By Martin McFadyen, Head of Public Sector, Virgin Media Business (Direct)
Last month, the Greater Manchester Combined Authority (GMCA) ran its Digitober awareness campaign, and we’ve been working closely with them to address digital exclusion. It’s important to consider the work that is underway in the region and what we can learn from this in order to help address similar challenges being faced across the country. The pandemic has exacerbated problems of inequality in Manchester specifically. Around 200,000 local residents are classed as digitally excluded – which could slow down the city’s recovery. It was a reminder that businesses can step up and provide the digital resources that help communities rebound.
Here are three steps the private sector can take to address digital exclusion.
- Bring people together
Businesses can directly support their community by donating goods and upgrading local technology.
1.9 million households in the UK still don’t have access to the Internet and are unable to learn the digital skills we often take for granted. The Good Things Foundation found that providing everyone in the UK with essential digital skills by 2028, would generate £21.9 billion – a return of £15 for every £1 invested. Businesses can back initiatives like the Digital Blueprint for Greater Manchester, which aims to get everyone in the region online. It will give underprivileged people access to public services and the skills training they need to thrive.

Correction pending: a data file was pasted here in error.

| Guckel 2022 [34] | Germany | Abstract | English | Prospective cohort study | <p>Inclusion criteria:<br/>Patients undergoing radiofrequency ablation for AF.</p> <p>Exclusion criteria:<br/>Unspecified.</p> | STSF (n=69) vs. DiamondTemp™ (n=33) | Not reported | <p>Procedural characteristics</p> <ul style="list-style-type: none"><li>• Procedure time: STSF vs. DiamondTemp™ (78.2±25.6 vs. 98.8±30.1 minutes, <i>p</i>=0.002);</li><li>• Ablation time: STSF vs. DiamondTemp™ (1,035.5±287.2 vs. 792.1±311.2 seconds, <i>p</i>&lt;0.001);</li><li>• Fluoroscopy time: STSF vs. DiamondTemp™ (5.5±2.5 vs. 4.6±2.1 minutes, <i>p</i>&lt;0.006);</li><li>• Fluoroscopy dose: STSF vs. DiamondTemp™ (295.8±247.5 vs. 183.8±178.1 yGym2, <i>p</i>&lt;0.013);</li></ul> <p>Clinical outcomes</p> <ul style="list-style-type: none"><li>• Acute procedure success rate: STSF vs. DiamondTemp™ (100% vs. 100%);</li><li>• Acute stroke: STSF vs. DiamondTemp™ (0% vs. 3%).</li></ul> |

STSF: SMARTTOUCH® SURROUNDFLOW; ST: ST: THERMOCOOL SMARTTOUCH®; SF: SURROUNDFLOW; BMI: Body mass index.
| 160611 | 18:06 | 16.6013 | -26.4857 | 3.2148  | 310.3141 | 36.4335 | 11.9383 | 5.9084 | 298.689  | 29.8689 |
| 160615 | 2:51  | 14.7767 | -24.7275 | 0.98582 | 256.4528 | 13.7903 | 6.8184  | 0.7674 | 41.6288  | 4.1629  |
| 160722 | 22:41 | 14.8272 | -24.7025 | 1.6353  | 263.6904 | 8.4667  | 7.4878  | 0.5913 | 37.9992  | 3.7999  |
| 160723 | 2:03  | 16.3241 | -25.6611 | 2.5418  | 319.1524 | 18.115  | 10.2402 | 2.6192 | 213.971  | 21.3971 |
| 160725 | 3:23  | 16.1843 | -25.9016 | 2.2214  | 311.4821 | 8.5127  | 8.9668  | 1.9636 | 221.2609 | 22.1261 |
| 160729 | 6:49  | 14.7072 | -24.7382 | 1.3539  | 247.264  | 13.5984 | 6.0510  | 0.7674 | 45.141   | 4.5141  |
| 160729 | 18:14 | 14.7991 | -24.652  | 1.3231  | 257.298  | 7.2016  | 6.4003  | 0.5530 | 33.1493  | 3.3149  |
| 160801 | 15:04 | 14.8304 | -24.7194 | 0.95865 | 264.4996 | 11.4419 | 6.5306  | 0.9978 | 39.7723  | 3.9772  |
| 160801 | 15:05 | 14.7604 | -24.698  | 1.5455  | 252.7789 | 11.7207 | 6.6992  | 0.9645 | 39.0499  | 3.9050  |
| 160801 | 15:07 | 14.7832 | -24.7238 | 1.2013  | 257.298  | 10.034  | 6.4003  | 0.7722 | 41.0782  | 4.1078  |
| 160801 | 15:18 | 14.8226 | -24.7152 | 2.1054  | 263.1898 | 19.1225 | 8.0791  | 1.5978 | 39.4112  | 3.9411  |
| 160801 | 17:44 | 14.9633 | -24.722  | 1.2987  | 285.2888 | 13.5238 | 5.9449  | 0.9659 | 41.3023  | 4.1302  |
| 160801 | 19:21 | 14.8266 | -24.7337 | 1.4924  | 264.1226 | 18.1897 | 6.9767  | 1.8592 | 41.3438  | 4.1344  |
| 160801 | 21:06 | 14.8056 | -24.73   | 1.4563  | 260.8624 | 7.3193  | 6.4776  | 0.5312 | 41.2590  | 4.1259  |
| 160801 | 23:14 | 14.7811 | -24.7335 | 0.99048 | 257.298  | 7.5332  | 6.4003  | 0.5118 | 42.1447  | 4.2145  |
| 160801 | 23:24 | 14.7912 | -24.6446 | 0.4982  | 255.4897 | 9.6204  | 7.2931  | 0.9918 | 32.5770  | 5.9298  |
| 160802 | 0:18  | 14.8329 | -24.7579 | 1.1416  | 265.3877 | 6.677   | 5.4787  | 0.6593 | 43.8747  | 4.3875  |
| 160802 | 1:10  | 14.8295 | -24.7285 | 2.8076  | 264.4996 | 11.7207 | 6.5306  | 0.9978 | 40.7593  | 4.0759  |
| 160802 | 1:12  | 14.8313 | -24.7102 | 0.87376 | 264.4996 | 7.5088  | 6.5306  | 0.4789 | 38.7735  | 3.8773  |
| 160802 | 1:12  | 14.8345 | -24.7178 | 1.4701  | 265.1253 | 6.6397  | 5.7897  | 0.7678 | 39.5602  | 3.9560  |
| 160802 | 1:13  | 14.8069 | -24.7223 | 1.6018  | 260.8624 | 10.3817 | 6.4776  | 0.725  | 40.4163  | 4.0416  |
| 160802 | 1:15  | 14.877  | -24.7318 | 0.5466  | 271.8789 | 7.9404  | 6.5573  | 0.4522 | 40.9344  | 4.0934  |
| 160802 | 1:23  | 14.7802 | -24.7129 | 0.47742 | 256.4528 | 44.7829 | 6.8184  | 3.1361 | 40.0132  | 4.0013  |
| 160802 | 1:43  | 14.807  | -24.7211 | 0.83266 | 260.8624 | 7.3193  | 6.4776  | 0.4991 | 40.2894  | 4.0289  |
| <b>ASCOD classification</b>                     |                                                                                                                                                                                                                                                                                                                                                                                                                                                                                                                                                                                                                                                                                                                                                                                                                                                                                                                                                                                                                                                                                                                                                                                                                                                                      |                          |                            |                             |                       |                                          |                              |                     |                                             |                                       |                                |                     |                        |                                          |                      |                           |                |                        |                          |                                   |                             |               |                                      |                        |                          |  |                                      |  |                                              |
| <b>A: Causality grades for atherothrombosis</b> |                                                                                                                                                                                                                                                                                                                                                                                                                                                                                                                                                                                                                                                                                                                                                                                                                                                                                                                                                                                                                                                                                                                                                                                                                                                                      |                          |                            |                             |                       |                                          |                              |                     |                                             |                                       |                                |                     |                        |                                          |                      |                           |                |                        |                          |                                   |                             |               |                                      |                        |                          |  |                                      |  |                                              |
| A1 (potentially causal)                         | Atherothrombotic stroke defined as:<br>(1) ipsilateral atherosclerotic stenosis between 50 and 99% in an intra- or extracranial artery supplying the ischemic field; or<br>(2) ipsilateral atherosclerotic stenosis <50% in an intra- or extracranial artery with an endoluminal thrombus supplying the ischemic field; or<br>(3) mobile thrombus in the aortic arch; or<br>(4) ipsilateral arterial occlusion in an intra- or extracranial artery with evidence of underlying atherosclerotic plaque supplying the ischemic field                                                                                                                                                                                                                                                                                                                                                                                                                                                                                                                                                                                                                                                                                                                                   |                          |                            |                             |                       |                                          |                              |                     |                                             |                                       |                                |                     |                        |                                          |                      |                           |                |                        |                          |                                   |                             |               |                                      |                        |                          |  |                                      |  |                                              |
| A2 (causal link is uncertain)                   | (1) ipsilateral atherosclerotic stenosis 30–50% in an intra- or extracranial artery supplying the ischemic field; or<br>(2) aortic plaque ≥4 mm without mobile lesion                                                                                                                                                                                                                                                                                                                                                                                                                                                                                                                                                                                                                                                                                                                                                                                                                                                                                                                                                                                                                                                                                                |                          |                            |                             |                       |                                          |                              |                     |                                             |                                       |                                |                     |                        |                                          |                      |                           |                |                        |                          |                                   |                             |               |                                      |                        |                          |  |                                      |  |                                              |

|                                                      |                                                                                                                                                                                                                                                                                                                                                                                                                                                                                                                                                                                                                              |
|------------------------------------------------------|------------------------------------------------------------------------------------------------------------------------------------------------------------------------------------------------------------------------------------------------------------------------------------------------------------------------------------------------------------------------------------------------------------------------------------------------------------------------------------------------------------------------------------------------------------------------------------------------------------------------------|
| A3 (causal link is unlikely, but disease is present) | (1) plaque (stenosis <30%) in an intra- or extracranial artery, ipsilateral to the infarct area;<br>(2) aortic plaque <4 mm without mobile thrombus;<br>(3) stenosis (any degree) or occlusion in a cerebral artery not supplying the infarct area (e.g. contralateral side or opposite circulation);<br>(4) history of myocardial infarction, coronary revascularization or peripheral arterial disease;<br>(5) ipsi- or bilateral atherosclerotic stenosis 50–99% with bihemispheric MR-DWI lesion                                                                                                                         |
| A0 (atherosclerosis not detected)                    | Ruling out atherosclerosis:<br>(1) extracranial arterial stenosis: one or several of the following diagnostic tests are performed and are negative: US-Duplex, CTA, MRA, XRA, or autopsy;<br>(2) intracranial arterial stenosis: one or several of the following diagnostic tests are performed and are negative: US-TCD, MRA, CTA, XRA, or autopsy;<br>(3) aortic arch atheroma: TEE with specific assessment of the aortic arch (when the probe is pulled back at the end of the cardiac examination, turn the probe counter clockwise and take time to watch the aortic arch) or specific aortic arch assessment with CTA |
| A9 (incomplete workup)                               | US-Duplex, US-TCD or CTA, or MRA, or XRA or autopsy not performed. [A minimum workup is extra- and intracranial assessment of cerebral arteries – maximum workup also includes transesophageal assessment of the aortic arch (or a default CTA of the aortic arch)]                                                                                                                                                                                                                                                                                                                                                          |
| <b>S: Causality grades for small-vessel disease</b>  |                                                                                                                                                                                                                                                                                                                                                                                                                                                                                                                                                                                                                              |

Meanwhile, the Greater Manchester Technology Fund, supported by the private sector, is sending hundreds of hardware packs to schools in the area. It’s helping vulnerable children get online and access educational materials – providing them with the tools needed to reach their full potential.
- Create life-changing opportunities
Apprenticeships help young people begin careers in technology. They provide practical training that improve digital skills, employability, and earnings potential. Apprenticeships also help businesses: the Government is offering hiring incentives worth up to £2,000 for businesses taking on apprentices under the age of 25. Some companies have already agreed technology apprenticeship targets with the Greater Manchester Combined Authority (GMCA), and these will help the area recover from Coivd-19 faster – giving residents access to innovative programmes to hone their skills.
- Realise the power of volunteering
Since the pandemic struck, direct action and mutual aid schemes have been vital in keeping communities going during lockdown. Last year, volunteers contributed 18 million hours of work to community businesses, generating billions for the economy. Volunteers often report improved mental health while learning new skills, according to SANE. It’s important that businesses continue to run initiatives that encourage volunteering and improving digital skills in Manchester.
Drive the regional rebound
Digital skills will be vital to Greater Manchester’s long-term recovery. Businesses have a pivotal role to play in helping the community bounce back.